I looked out on the sea of gowns and the friends and family behind them. They hadn’t noticed anything out of the ordinary … yet. Speaking into the microphone quietly, I said, “As you all know, today is a solemn occasion. Today we commemorate a major milestone in our education. We have all successfully completed twelve years of schooling, some may have taken a few more. Now we’re going out to face a troubled world and try to make a meaningful impact on it. That sounds serious, doesn’t it?”

I paused to look around. Many of the teachers behind me looked tense. Principal Ashworth, however, was grinning broadly. The audience in front of me seemed ready to start yawning. I raised my voice. “Well, I don’t believe in taking life seriously.”

I took off my cap and put it on the shelf in the lectern. I stepped back, grabbed the sides of my gown, and pulled it up and off over my head. The audience gasped. I was wearing a one-piece, white clown suit decorated with random hearts and large red buttons. It had puffy sleeves and trouser legs. I bent over and released the front of my clown shoes so they stuck out like they were supposed to. Then I stepped back to the lectern. “So let’s have some fun.”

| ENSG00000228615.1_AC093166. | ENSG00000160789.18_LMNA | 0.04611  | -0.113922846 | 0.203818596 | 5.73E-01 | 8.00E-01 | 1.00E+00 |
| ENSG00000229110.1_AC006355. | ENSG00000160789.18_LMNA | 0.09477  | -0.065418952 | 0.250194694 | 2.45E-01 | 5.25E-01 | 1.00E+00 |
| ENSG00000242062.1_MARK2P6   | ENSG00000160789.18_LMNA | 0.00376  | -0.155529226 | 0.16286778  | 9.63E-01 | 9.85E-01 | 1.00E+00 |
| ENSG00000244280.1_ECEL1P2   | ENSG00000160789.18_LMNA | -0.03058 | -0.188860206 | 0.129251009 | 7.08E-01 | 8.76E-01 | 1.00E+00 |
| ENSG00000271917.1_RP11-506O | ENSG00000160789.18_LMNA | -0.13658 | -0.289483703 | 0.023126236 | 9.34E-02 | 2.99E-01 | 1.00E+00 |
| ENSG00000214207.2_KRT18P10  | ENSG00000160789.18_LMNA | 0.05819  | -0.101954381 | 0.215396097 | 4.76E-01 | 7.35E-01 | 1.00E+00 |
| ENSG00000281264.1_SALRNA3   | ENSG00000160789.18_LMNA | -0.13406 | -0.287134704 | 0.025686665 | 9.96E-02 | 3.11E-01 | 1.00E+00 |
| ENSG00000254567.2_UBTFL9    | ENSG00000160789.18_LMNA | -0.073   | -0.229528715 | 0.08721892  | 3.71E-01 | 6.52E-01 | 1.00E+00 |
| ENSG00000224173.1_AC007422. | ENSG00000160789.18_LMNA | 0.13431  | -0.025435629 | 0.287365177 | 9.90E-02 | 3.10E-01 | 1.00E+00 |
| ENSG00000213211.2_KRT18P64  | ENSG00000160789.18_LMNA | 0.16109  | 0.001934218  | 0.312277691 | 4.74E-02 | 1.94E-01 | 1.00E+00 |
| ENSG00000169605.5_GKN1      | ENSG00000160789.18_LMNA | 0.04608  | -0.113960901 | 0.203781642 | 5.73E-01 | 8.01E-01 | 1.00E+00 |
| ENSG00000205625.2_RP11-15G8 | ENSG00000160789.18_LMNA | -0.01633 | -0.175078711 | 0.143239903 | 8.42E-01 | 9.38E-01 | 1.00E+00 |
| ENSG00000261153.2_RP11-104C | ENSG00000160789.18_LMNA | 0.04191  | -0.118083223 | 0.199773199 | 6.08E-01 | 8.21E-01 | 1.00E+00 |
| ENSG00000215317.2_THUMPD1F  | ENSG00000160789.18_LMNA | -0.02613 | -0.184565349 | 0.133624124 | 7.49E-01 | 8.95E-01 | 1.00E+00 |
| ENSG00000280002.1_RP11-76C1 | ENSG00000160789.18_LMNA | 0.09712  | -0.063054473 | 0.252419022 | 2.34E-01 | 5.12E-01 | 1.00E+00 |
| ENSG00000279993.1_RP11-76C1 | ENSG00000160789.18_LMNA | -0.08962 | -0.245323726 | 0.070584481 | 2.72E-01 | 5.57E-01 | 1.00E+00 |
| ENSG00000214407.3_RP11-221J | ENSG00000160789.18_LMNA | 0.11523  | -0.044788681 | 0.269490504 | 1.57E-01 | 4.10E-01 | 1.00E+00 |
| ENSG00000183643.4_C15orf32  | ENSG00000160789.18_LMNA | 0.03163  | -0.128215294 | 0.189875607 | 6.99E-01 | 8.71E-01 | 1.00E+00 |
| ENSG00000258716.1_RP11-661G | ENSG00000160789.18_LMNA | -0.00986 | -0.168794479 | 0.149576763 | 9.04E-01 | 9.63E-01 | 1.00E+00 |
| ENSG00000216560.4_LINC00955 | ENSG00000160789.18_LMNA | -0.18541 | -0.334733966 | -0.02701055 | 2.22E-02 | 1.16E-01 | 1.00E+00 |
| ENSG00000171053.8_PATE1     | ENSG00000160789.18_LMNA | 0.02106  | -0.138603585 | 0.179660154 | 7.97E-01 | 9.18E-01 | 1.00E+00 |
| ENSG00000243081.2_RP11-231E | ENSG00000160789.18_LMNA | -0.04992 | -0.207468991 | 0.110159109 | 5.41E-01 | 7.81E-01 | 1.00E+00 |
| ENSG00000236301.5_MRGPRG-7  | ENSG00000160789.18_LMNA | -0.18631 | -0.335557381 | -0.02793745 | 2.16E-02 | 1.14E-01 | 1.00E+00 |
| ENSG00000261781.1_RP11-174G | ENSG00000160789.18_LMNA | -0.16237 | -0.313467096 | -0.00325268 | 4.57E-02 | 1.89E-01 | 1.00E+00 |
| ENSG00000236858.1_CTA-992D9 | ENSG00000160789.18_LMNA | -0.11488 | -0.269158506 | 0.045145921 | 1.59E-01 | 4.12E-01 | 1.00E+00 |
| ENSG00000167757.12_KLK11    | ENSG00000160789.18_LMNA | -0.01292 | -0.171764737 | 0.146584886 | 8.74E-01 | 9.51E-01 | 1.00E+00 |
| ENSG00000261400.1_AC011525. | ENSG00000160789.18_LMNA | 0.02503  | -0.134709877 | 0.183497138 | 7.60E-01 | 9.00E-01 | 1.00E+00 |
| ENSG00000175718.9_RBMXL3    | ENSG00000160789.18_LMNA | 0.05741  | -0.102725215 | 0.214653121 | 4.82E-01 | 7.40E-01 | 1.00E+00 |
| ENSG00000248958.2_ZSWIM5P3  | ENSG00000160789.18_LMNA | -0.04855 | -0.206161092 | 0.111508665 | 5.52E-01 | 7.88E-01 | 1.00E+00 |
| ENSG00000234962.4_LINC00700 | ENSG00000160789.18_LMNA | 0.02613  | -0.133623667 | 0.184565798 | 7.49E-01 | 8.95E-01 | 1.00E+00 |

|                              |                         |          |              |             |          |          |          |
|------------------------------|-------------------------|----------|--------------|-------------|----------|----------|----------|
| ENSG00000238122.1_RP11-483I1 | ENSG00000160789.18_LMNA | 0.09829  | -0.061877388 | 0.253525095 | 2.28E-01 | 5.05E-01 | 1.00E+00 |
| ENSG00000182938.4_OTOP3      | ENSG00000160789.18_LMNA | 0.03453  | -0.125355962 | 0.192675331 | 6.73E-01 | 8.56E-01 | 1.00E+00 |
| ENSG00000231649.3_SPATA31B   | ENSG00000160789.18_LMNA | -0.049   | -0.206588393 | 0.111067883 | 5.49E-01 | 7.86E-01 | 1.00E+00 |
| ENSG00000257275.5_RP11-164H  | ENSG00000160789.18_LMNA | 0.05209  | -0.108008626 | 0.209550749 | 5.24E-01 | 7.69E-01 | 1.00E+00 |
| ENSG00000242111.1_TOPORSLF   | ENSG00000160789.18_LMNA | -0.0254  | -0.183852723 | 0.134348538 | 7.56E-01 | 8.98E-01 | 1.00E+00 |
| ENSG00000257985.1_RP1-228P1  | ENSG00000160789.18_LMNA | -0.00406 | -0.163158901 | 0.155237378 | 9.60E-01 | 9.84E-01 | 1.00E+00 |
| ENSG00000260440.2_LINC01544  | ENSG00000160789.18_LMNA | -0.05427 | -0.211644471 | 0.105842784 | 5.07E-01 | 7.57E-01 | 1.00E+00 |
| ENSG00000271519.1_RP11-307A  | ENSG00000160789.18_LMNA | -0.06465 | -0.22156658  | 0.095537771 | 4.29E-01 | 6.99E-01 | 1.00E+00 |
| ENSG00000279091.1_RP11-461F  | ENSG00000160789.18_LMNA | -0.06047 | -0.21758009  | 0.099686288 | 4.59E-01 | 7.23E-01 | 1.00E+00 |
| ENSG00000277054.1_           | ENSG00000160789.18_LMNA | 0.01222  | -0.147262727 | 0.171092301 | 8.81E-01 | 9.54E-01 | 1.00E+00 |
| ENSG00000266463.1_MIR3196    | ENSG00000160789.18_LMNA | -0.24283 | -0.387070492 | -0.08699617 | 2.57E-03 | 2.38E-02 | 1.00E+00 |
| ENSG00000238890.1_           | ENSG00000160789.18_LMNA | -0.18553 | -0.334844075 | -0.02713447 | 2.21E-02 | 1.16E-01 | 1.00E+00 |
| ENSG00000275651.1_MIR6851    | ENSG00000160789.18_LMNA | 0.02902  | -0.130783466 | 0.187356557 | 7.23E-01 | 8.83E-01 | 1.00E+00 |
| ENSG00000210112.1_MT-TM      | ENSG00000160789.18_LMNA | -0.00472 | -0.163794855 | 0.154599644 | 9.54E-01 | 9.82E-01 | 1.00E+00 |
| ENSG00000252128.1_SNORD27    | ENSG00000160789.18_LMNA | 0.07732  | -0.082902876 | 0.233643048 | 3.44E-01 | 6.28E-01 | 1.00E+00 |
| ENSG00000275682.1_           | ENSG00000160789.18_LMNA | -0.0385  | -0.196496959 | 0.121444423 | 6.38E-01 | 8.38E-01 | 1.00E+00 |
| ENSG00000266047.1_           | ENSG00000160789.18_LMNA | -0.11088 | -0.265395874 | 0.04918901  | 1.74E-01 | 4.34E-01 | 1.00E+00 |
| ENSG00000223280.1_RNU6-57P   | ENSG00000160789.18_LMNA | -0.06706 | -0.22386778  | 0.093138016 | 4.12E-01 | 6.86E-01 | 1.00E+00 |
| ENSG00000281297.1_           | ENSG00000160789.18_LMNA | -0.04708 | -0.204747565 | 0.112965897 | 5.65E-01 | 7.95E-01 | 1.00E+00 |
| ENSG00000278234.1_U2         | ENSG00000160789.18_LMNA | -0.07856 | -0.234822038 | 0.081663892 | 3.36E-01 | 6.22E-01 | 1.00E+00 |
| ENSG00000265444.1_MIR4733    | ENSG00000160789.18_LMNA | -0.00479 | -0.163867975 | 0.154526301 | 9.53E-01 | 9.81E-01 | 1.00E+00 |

Over the next fifteen minutes I applied white face, a painted red smile, and black circles around my eyes, all the while regaling the audience with the need to enjoy life while we could and to share that joy with others. As I got ready to wrap up, I put on an oversized pair of sunglasses and paused briefly. Finally, adding a red sponge nose, I stepped out from behind the lectern. “Class of 2003, here’s my challenge to you. Wherever you go from here, defeat seriousness and spread joy. The world needs you. … Now, who has the beach balls?” I took an exaggerated bow.

I got a standing ovation. Dr. Ashworth led it.

Of course, I only had a rough idea of the work I had ahead of me. Would a cheerful attitude be enough?

Samantha – Mom Time

While deciding whether to apply for admission to a military academy, Samantha had been so wrapped up in the research she hadn’t paid attention to Dwayne and Renee. Once she had made up her mind, she sought out Dwayne to tell him her decision. She found him with Renee on the front lawn, and they both acted sheepish. When she confronted Dwayne, he reluctantly told her that both he and Renee felt she was a controlling personality and that they were dating. Feeling betrayed, she started crying and ran away from Dwayne.

I ran all the way home, blubbering almost the whole way. By the time I arrived at the front door, I had slowed to a jog. On the way I had gone through all the stages of grief and my eyes were dry. Losing Dwayne was painful, but I realized it was nothing compared to losing Brian. And I had to admit it was my doing. I was still angry, but it was more for Dwayne turning Renee against me.